It's the time of year when many parents are doing their back-to-school shopping. If you have a college-bound child, you are probably busy getting him outfitted for dorm life, buying a new laptop, and preparing to drop him off hundreds, or even thousands of miles from home.
What you may have forgotten in all the chaos is that your little bundle of joy has reached the age of 18. That means, in the eyes of the law, he is an adult. Mom or Dad can no longer make his decisions for him, respond to his mail, talk to his doctor, etc. without his consent. There are several situations where this inability to act on your child's behalf could cause problems.
Consider these scenarios:
- What if your child receives a notice for jury duty or needs to renew a driver’s license or car registration while he is away at college?
- How would your child get money in the event of an emergency? You can't access his bank account unless you share a joint account.
- What if he is away from campus on an internship or studying abroad and needed to return home on short notice? He may have trouble doing so until after a deadline has passed.
- What if there is an accident and you need information about his injuries or health care? If your child leaves you a message that he was taken to the hospital for a sport-related injury or a car accident, you may be surprised when you call and the hospital will not confirm or deny that your child has even been admitted.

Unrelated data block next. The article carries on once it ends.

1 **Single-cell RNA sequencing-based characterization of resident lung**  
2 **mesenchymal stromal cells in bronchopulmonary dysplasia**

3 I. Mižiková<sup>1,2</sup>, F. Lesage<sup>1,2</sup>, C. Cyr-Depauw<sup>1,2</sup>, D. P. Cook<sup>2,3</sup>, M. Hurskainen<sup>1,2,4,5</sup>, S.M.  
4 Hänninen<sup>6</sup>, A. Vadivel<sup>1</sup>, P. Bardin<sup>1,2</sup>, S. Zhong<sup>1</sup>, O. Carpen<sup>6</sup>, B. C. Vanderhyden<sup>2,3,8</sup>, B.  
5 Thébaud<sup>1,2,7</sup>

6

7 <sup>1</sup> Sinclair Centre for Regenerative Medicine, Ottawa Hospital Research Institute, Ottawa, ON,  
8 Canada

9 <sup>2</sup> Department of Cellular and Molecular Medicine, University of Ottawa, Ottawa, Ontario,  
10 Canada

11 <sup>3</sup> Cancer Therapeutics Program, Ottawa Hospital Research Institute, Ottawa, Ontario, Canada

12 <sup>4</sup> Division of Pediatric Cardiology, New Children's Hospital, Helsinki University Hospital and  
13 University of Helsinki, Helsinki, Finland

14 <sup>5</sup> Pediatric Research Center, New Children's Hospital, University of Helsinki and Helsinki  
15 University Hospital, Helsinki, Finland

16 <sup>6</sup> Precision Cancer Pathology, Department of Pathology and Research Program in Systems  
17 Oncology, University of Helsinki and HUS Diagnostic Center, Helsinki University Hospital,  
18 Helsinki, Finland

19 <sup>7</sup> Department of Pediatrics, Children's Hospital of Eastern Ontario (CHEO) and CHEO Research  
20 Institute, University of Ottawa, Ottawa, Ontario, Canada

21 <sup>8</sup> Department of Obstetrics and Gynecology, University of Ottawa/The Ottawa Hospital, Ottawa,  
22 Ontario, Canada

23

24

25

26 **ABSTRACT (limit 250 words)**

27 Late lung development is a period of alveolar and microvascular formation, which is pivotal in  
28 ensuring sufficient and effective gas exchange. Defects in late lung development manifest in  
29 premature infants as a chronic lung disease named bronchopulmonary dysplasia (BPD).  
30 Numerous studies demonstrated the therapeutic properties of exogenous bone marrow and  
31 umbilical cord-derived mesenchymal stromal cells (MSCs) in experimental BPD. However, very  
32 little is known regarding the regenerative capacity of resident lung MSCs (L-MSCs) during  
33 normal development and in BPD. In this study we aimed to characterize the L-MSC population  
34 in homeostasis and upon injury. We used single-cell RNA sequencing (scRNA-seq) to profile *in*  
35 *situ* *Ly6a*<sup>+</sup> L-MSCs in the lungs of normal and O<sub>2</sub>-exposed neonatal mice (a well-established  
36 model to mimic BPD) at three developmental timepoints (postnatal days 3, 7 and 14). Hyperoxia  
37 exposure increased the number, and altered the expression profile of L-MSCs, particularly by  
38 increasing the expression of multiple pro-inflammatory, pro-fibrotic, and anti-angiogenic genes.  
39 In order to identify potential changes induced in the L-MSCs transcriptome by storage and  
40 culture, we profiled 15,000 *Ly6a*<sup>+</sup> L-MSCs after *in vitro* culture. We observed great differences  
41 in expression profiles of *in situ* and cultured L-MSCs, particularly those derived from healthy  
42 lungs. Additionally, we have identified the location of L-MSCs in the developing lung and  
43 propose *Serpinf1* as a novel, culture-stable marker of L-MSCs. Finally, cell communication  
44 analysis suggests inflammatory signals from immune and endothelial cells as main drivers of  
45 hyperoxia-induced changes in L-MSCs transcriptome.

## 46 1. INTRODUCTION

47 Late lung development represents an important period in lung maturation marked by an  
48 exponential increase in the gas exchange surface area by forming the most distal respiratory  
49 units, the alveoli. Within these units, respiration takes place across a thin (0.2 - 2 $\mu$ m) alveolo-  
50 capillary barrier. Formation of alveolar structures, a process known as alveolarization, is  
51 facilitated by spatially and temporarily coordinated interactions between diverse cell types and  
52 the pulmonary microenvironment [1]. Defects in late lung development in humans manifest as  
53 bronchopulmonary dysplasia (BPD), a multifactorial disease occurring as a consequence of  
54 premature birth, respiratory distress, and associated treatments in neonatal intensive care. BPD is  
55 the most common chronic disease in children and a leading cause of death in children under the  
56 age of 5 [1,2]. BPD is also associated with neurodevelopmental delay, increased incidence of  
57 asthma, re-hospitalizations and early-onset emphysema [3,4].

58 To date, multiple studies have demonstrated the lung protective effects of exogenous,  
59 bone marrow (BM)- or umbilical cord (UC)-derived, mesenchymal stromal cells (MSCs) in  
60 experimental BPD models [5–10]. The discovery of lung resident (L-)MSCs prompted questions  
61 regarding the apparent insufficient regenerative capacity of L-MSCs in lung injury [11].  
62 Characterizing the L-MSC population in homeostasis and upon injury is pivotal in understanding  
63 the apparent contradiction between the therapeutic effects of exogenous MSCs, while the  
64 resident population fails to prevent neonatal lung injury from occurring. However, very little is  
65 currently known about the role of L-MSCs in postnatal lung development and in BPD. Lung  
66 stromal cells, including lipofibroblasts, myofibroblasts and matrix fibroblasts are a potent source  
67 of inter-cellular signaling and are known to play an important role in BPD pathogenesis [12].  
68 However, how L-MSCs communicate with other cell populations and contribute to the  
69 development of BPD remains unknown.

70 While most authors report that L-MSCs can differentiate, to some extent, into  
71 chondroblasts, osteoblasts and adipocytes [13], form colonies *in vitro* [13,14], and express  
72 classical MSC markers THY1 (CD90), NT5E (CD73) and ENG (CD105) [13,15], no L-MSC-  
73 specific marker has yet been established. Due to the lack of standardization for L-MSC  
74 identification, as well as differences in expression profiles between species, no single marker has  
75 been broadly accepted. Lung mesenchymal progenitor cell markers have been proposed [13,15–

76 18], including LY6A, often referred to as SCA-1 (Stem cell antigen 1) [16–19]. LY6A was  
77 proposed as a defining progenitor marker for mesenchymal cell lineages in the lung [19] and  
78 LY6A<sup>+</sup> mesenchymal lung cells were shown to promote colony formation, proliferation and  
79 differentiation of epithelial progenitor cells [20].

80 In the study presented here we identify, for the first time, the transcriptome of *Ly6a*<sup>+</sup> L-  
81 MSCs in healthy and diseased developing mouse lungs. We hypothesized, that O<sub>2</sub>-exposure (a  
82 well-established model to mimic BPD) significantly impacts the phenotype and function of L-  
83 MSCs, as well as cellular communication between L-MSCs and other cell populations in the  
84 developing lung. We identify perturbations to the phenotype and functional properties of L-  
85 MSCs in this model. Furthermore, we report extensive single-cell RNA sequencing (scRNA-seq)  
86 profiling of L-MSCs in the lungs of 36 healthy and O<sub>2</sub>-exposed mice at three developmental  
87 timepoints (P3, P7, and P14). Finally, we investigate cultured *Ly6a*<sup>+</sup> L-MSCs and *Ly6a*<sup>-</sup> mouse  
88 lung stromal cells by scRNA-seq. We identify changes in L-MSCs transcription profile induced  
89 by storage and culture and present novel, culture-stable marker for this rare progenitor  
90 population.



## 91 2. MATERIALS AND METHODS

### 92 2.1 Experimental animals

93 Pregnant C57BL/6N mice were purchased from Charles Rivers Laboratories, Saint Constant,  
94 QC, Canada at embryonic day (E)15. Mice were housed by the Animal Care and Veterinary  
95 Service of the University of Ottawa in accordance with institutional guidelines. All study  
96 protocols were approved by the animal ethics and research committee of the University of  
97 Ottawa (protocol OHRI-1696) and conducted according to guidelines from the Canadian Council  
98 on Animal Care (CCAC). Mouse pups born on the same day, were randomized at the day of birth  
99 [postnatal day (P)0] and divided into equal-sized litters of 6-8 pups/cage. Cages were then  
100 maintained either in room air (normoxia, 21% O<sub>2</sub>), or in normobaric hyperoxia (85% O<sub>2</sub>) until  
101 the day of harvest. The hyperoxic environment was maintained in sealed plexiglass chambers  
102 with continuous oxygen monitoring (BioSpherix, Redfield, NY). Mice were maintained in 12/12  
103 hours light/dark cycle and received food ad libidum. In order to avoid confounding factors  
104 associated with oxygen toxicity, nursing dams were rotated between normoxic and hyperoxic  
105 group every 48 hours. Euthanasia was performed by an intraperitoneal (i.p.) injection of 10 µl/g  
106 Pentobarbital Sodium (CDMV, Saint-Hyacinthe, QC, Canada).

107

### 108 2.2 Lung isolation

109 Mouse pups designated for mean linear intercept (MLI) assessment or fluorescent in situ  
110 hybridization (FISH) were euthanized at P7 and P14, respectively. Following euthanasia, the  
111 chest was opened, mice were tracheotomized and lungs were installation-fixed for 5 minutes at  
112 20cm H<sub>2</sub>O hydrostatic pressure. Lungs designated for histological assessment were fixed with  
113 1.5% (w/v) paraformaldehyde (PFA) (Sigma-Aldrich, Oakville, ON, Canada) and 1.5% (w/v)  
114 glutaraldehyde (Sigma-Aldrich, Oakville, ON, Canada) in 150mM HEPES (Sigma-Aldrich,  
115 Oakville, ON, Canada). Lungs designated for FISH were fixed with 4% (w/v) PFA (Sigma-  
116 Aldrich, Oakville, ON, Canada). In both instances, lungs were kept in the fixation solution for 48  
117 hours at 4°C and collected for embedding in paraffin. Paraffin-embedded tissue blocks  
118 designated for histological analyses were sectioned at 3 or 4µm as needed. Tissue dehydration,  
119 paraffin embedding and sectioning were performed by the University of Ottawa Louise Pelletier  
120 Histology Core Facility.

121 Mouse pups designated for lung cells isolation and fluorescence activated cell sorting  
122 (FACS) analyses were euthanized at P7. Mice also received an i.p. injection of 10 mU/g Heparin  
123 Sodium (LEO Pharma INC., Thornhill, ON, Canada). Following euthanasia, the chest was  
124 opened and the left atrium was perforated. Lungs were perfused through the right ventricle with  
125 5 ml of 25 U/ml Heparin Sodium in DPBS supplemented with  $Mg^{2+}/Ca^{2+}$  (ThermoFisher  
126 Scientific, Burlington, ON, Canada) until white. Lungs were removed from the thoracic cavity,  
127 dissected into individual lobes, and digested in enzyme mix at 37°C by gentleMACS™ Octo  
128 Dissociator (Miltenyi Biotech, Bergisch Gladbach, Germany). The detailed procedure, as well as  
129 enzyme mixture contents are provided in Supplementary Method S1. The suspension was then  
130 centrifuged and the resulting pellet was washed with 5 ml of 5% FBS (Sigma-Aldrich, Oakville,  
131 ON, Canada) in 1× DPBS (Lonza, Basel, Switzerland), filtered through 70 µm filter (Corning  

There were numerous stories about the parents of Virginia Tech students who were injured when a gunman attacked that campus. When frantic parents called local hospitals, trying to locate their children, the hospitals were unable to release any information.
Here's the (simple!) solution
Luckily, the solution to these issues is simple. Many banks and brokerage firms offer a free limited power of attorney for individual accounts. These powers of attorney allow the parent to deposit financial aid checks, make withdrawals, etc.
A designation of patient advocate form allows a parent to receive information about the child’s health care status, get copies of medical records and discuss his care with health care providers. As with any important legal paperwork, the parties involved should thoroughly discuss the documents before they are signed. The student must understand why the documents are needed, that he can revoke them at any time and how and when Mom and Dad will use those powers of attorney. Most importantly, make sure the school and the college infirmary know about the documents and have copies on file.
Questions? Contact us for a free consultation!